Cecilly Nevile: Rose of Raby

Duchess Cecilly Neville

Article by http://www.bower2tower.co.uk/

cecily neville, duchess of yorkCicely Neville lived through the reigns of five sovereigns, six queens, and saw four Princes of Wales not succeed to the throne. Two of her sons became king only to die untimely. Her husband was killed in battle and his head struck off to adorn the walls of York. In an age of violence, conspiracy and short life expectancy, all but one of her twelve children survived her.

Cicely was the youngest of the 22 children of Ralph Neville, 1st Earl of Westmoreland and Countess Joan Beaufort. Her maternal grandparents were John of Gaunt, 1st Duke of Lancaster (and third son of Edward III and Philippa of Hainault) and Katherine Swynford.

She even had a poem written about her:

“A gracious lady!
What is her name, I thee praie tell me Dame Cecile, sir.” “Whose daughter was she?”
Of the Erle of Westmoreland, I trowe the yengist,
And yet grace fortuned her to be the highest.”

Cicely was called “the Rose of Raby” in reference to her beauty (and because she was born at Raby Castle in Durham, Kingdom of England) and “Proud Cis” because of her pride and a temper that went with it. Historically she is also known for her piety. In 1425, at the age of ten , Cicely’s father betrothed her to Richard Plantagenet, 3rd Duke of York, aged 14 (the leader of the House of York in the Wars of the Roses). Soon after the betrothal the Earl Neville died in battle. The couple probably lived in the household of King Henry VI until 1437 when they were officially married. Their daughter Anne was born in August 1439 in Northamptonshire.

In 1441 Richard became a king’s lieutenant and governor general of France. He and Cicely moved to Rouen where their second child, Henry, was born in February but died soon after. The future king Edward was born in Rouen on April 28, 1442 and immediately baptized. The date of the birth would be later used as a claim of bastardy, because the Duke had been away on the calculated date of conception. Edward could have just born early and baptized in haste due to the understandable fears of death in infancy. Around 1454, when Richard began to resent the influence of Edmund Beaufort, 1st Duke of Somerset, Cicely spoke with Queen consort, Margaret of Anjou on his behalf. When Henry VI suffered a nervous breakdown later in the year, Richard of York established himself as a Protector.

After the outbreak of the War of the Roses, Cicely remained in Ludlow even when Richard fled to Ireland and Continental Europe. They were probably in the custody of Cicely’s sister Anne Neville, wife of Humphrey Stafford, 1st Duke of Buckingham.

However, Cicely staunchly supported the Yorkist cause and when parliament met to debate the fate of the lords of York (November 1459), Cicely travelled to London to plead for her husband. One contemporary commentator stated that she had reputedly convinced the king to promise a pardon if the Duke would appear in parliament in eight days. He failed and his lands were confiscated, but Cecily managed to gain an annual grant of £600 to support her and her children.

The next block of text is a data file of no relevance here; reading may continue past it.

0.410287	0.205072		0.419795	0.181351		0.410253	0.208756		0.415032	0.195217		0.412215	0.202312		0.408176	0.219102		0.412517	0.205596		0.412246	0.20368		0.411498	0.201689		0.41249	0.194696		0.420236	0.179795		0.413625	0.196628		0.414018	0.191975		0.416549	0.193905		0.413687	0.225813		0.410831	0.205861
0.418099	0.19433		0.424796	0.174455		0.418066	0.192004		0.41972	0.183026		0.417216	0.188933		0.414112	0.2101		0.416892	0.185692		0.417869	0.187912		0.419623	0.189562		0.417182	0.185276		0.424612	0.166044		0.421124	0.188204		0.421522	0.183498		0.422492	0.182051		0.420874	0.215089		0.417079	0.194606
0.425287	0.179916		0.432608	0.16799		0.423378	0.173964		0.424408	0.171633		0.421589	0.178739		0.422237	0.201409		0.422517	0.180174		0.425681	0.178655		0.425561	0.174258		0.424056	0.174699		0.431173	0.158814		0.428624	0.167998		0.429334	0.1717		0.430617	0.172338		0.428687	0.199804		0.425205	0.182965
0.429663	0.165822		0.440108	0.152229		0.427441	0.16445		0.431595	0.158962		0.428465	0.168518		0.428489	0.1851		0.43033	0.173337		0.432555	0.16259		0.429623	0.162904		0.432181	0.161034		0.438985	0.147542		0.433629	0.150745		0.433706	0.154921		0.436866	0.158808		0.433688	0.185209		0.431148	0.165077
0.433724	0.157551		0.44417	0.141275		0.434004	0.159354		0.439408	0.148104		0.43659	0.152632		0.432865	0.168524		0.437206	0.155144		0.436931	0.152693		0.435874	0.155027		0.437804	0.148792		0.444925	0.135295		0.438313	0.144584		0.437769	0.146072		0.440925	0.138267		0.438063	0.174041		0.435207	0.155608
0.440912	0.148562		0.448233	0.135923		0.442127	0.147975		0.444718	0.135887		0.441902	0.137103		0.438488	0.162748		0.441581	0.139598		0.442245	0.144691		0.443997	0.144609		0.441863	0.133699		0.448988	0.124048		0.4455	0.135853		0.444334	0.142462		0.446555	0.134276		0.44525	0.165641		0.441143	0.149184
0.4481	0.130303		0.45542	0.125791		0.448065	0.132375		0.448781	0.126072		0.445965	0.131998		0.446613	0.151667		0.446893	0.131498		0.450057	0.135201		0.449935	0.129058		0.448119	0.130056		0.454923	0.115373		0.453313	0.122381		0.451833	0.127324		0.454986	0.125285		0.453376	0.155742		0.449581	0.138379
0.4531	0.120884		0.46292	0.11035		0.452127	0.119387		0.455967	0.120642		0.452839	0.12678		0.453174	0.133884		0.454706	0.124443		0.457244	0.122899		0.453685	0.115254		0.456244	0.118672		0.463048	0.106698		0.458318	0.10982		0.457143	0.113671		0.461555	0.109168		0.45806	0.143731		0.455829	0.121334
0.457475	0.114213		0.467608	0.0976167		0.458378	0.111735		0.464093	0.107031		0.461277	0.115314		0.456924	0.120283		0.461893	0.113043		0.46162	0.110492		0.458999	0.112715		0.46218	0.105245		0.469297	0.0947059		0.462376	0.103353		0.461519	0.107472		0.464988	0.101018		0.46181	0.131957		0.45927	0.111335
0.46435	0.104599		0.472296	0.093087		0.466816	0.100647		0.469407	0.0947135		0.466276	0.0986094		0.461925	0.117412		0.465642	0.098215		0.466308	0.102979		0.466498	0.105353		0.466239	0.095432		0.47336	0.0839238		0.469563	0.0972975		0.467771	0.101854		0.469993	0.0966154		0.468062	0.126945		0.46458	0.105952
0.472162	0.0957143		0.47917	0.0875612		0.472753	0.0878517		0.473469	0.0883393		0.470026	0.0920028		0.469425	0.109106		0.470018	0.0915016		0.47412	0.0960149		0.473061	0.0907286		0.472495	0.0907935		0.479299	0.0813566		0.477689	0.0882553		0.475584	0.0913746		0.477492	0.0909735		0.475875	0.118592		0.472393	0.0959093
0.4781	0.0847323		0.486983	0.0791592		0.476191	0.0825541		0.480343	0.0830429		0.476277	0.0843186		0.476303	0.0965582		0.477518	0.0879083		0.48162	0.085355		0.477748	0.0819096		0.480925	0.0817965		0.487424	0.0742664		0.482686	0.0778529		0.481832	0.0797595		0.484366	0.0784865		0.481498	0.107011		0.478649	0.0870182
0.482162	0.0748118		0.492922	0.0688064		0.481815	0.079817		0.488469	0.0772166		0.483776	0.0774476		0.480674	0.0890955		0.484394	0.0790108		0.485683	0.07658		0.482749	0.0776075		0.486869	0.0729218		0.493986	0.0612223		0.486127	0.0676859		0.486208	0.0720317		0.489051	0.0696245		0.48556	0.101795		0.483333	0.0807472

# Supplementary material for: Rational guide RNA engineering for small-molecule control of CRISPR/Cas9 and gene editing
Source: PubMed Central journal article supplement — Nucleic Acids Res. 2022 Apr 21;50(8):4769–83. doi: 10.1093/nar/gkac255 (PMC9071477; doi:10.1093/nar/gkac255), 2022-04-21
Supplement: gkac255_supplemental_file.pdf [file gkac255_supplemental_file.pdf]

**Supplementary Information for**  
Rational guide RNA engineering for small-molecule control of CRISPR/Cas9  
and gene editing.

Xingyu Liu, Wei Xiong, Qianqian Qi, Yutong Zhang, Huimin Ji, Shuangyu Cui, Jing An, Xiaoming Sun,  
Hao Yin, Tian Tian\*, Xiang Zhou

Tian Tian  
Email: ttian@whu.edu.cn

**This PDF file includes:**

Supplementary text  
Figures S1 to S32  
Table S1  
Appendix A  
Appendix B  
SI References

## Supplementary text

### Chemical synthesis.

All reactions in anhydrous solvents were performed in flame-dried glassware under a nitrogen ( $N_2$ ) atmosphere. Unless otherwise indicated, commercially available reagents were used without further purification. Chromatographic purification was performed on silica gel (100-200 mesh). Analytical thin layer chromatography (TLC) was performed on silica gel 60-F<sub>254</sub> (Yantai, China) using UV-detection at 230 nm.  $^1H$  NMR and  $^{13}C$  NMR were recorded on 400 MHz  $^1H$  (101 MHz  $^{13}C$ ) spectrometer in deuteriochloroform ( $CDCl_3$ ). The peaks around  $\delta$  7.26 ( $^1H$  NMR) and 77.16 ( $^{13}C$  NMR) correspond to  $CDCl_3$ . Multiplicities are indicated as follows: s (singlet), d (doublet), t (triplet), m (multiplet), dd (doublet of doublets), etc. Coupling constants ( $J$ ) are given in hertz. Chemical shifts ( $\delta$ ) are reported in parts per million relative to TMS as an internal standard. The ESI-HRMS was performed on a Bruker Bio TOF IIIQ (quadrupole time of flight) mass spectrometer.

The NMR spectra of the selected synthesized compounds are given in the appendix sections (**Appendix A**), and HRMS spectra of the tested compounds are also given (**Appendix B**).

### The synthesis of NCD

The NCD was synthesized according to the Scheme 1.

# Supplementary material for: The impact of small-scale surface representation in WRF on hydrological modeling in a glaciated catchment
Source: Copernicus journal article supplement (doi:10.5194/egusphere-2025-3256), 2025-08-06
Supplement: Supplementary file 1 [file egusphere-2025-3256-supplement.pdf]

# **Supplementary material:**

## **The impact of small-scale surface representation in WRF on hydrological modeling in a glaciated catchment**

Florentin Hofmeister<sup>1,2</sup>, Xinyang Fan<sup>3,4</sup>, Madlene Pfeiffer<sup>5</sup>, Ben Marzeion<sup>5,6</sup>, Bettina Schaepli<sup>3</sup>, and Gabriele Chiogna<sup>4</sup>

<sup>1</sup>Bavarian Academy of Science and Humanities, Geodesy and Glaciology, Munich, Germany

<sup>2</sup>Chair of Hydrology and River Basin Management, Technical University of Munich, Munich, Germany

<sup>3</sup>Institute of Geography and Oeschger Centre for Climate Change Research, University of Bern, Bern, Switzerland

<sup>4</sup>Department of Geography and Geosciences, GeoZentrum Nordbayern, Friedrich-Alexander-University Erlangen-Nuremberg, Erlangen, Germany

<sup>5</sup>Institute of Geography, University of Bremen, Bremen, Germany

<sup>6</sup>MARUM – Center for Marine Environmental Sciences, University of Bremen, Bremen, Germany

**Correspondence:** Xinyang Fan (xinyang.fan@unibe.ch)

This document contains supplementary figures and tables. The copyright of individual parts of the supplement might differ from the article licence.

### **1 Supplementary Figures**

After the Yorkist victory, Cicely moved to London with her children and lived with John Paston. She carried the royal arms before Richard in her triumph in London the next September. When Richard was officially accepted as Henry VI’s heir, Cecily became a queen-in-waiting and even received a copy of the English chronicle from the chronicler John Hardyng. In the Battle of Wakefield (December 30, 1460), Lancastrians won a decisive victory. The Duke of York, their second son Edmund, Earl of Rutland and her brother Richard Neville, 5th Earl of Salisbury were among the casualties. Cicely sent her youngest sons to the court of Philip III, Duke of Burgundy. This forced Philip to ally with the Yorkists.

Her eldest son Edward successfully continued the fight again the Lancastrians. When Cicely moved to Baynards Castle in London, it became the Yorkist headquarters and when Edward defeated the Lancastrians, she became an effective Queen Mother.

During the beginning of Edward’s reign, Cicely appeared beside him and maintained her influence. In 1461 she revised her coat of arms to include the royal arms of England, hinting that her husband had been a rightful king. In 1469, Richard Neville, 16th Earl of Warwick, father-in-law of her son George Plantagenet, 1st Duke of Clarence, rebelled against the king. He also begun to spread rumours the Edward IV was a bastard. Neville had earlier made similar accusations against Margaret of Anjou. (William Shakespeare later used this claim in his Richard III).

Cicely Neville said little about the matter in public, despite the fact that she was being accused of adultery. She visited Sandwich, possibly trying to reconcile the parties. When the rebellion failed the first time, she invited Edward and George to London to reconcile them. Peace did not last long and in the forthcoming war she still tried to make peace between her sons. By 1485 Cicely was alone. Her husband and three sons had died in The War of the Roses. Devoting herself to religious duties late in life, Cicely Neville died in 1495 at the incredible age of 80 years! She was buried with a papal indulgence.